What happens when the deal you’ve been banking on is pulled
“Investors should worry whenever bosses and bankers succumb to deal-fever, since so many corporate transactions end up destroying value. The latest crop has some of the tell-tale signs of danger: high ego, high price and over-confidence.”
You’re probably not surprised to hear that this is a quote from the FT…as relevant today as it was when it was written, 27th August 2010!
Over the last week or so, the prospect of non-completion for some of the M&A froth from 2015 seems to have become a distinct possibility. Whilst Honeywell may have had its proposal for marriage rejected (painful but a lot less expensive…no time or indeed interest in any kind of pre-nuptial agreement), the very real prospect of some of the larger transactions finding a regulatory hurdle which is too challenging to clear, grows as stock markets soften and premiums being paid grow.
What can we expect to hear from those left at the altar, the Miss Haversham experience in corporate life? And below the headlines, my interpretation of what may have actually transpired…!
‘We stepped away because it was no longer a good deal’
- We couldn’t agree on organisational structure and leadership roles. That plus some resistance from one of the largest shareholders created too much personal risk for the key sponsor.
- We are going to have to rapidly find a new strategic direction to fill the vacuum, justifying why an organic growth strategy is going to deliver results.
- It’s likely that even with a new organic growth direction, we’re going to have to reduce costs, re-focus the business, potentially exit non-core businesses…complex transformation without the excitement of a deal.
’After spending some time together, it’s become clear that the cultural differences between us represent a hurdle which we cannot, at this stage, overcome’
- We have realised that for all of our talk around revenue synergies, the possibility that their distribution capability will be able to sell our products turns out to be very small.
- Some of the implicit understanding (from our perspective) around who was going to take what role turns out to be less clear than we planned. That plus a major falling out between two key operational stakeholders has stopped any progress on integration in its tracks.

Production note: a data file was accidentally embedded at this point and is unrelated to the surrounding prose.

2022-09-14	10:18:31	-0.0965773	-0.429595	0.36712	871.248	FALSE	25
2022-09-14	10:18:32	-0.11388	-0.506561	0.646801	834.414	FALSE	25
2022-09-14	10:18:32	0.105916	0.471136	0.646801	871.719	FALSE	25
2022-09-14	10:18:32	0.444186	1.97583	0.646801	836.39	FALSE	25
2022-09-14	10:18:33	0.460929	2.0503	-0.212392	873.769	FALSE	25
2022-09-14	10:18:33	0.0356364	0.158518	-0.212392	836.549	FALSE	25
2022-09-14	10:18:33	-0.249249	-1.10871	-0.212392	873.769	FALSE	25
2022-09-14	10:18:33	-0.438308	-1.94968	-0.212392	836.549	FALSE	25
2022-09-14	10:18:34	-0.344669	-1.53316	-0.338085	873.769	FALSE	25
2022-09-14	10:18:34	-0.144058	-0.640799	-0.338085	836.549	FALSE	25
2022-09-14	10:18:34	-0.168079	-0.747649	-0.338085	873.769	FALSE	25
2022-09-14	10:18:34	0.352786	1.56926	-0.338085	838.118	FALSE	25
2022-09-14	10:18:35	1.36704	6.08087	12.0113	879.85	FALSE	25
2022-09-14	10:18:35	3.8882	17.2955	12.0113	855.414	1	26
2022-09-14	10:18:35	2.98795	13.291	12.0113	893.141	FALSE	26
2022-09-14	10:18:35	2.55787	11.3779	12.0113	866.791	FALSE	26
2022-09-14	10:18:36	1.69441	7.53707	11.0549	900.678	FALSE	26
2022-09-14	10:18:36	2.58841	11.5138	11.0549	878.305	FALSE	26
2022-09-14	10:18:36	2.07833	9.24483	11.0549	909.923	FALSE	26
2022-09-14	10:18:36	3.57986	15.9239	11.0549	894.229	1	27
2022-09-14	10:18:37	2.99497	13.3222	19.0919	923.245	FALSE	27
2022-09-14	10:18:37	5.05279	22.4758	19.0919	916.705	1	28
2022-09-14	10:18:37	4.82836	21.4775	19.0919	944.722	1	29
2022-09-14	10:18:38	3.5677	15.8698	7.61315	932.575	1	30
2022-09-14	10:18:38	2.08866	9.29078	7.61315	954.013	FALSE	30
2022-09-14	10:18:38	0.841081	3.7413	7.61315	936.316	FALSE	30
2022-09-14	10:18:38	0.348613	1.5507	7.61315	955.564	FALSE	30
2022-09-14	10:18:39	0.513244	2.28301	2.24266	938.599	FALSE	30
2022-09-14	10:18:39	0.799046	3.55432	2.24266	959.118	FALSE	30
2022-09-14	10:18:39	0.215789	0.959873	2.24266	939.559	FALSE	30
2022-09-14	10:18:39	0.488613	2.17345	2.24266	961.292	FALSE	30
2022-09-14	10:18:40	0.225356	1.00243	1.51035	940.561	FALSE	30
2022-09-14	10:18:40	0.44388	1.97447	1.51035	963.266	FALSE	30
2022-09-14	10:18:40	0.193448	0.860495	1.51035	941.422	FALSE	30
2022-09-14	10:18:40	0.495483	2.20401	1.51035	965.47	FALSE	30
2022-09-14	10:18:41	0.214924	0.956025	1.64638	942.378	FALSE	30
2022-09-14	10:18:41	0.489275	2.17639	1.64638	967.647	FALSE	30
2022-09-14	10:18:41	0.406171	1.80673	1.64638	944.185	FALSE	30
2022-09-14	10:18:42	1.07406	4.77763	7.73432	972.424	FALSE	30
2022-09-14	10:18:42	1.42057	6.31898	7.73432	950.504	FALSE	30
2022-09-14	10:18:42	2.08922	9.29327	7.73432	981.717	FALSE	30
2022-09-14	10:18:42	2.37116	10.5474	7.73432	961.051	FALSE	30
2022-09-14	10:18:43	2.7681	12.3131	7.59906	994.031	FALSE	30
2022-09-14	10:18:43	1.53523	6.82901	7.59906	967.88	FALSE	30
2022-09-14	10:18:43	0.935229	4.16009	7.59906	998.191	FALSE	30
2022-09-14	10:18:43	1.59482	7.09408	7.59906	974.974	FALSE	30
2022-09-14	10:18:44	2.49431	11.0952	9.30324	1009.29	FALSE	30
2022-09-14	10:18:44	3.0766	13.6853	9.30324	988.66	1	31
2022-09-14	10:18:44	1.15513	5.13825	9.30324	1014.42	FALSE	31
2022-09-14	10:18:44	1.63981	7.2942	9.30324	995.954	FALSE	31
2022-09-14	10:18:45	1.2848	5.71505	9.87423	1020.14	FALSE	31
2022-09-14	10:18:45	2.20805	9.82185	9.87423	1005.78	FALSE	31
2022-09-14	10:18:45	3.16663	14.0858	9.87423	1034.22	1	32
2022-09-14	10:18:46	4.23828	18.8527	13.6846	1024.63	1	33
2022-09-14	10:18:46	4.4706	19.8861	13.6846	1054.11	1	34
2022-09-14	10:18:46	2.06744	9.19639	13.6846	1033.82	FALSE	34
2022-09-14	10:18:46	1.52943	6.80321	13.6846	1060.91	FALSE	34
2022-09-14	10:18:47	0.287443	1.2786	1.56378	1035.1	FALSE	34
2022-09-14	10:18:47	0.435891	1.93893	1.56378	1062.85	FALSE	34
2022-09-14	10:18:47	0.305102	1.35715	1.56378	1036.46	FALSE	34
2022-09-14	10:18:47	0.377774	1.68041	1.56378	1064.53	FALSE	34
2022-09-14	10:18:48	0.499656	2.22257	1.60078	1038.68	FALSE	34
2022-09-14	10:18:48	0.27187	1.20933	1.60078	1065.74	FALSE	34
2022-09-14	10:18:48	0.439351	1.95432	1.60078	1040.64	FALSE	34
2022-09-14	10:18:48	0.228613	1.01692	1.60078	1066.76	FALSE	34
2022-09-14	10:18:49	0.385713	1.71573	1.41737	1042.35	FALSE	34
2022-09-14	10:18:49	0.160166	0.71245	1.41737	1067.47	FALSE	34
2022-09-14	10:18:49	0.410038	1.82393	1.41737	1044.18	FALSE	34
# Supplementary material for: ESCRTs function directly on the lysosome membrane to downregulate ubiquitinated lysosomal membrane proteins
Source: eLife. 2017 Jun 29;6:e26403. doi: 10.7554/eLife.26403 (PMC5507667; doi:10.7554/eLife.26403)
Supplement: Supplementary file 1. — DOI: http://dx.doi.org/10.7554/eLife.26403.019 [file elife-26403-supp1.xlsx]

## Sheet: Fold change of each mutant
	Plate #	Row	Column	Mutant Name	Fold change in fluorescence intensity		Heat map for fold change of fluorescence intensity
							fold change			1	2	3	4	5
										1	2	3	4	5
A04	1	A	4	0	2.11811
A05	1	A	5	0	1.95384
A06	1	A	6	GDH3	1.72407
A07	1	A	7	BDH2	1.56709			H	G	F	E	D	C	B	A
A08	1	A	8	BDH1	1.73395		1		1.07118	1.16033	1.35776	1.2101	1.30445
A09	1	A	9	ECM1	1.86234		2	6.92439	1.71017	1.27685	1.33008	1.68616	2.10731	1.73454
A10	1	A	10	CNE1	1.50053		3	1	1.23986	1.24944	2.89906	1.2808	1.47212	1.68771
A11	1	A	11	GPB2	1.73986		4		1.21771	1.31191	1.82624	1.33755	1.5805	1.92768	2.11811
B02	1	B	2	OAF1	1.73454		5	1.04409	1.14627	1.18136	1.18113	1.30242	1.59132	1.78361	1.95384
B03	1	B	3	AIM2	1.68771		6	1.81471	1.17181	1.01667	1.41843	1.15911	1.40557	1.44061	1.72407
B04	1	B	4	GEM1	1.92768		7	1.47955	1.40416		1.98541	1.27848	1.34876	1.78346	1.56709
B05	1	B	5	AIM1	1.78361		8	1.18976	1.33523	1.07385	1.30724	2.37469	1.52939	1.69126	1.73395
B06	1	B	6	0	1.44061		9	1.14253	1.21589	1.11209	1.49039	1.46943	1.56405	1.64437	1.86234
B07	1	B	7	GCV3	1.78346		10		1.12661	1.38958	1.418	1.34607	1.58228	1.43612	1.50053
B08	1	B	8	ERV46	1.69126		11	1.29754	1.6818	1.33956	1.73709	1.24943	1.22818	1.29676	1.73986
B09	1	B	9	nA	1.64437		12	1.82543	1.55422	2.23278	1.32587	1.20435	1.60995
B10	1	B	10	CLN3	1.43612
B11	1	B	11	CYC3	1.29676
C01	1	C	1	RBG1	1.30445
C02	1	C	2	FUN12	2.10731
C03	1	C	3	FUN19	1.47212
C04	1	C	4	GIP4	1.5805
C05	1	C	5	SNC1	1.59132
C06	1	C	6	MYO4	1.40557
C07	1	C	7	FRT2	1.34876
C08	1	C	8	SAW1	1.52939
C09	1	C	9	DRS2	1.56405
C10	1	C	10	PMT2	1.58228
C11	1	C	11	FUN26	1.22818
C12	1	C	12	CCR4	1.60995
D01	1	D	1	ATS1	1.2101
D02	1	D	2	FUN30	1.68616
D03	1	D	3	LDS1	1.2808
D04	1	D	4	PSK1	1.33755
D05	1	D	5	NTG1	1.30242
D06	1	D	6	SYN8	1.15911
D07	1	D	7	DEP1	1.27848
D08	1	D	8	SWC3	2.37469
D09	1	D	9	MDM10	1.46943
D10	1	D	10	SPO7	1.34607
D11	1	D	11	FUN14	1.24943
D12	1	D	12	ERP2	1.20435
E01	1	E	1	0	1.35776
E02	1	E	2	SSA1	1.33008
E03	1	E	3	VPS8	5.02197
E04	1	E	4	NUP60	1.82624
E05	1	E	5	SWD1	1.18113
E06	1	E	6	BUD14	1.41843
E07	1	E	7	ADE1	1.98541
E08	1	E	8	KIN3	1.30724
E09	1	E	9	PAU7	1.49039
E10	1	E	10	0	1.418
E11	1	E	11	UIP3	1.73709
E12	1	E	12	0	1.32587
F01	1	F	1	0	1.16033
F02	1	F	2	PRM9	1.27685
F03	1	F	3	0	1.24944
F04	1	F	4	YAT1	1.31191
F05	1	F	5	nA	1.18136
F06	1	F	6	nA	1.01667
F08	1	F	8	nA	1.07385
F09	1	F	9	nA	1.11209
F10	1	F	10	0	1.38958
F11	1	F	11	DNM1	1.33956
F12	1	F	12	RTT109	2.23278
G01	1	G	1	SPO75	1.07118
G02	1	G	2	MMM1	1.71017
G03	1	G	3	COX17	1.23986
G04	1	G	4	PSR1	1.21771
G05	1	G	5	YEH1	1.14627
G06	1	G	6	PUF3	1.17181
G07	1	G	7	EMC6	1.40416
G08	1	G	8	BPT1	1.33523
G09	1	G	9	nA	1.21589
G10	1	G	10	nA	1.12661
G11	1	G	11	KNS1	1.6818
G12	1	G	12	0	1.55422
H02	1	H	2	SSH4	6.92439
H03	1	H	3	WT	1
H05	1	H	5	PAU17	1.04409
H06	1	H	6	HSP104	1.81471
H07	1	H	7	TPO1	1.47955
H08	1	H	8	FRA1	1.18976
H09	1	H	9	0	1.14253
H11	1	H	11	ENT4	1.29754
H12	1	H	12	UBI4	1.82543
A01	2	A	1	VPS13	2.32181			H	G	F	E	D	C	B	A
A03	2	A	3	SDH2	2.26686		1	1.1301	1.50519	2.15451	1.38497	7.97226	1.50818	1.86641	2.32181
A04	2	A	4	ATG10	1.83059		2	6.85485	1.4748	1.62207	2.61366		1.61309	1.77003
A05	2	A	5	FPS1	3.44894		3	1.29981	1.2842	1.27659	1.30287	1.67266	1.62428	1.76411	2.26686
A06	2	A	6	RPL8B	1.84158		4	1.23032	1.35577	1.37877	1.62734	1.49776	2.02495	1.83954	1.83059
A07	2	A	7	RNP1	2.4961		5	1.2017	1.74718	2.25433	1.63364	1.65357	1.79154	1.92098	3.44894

‘The market has moved against us and our investors have given us a clear message’
- Our trackrecord of achieving returns from M&A has caught up with us. Those vague statements about business as usual, synergies and potential returns have been shown for what they are…unsubstantiated, falsely optimistic, and without substance.
Frivolous? Tongue in cheek? Possibly…the implications are serious though and should not be ignored;
- The time taken
- The cost of advisory services (hard to re-negotiate once spent)
- The distraction for leadership and for employees (resulting in a reduction in customer service and rise in attrition levels)
and that’s without considering the potential reputational damage incurred. Buyers beware…the consequences of an unrequited transaction may have as long a lasting impact as going through with the transaction. There is no hiding place for CEOs anymore.
- The rise of China’s serial acquirers – M&A China style appears to be a ‘non-contact’ sport!
- Early adopters, step aside…the mainstream has arrived.What are the implications behind the increasing trend to engage Directors of the Strategic PMO?
Categories: Mergers & acquisitions, post acquisition integration, Post merger integration, Transformation
Tags: Anti trust, Decision making, Merger integration, Mergers and acquisitions, Regulatory approval, stakeholder management
Love this – we need a similar decoding lexicon in start-up land for why the investor that was so hot to trot last week has caught a cold this.
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Glad you liked it, Nick. Decoding may be the new disruption! it’s interesting to me that for some of the most traditional, stubbornly stable sectors (insurance comes to mind), the issue of transparency of language seems to be core to any new offering…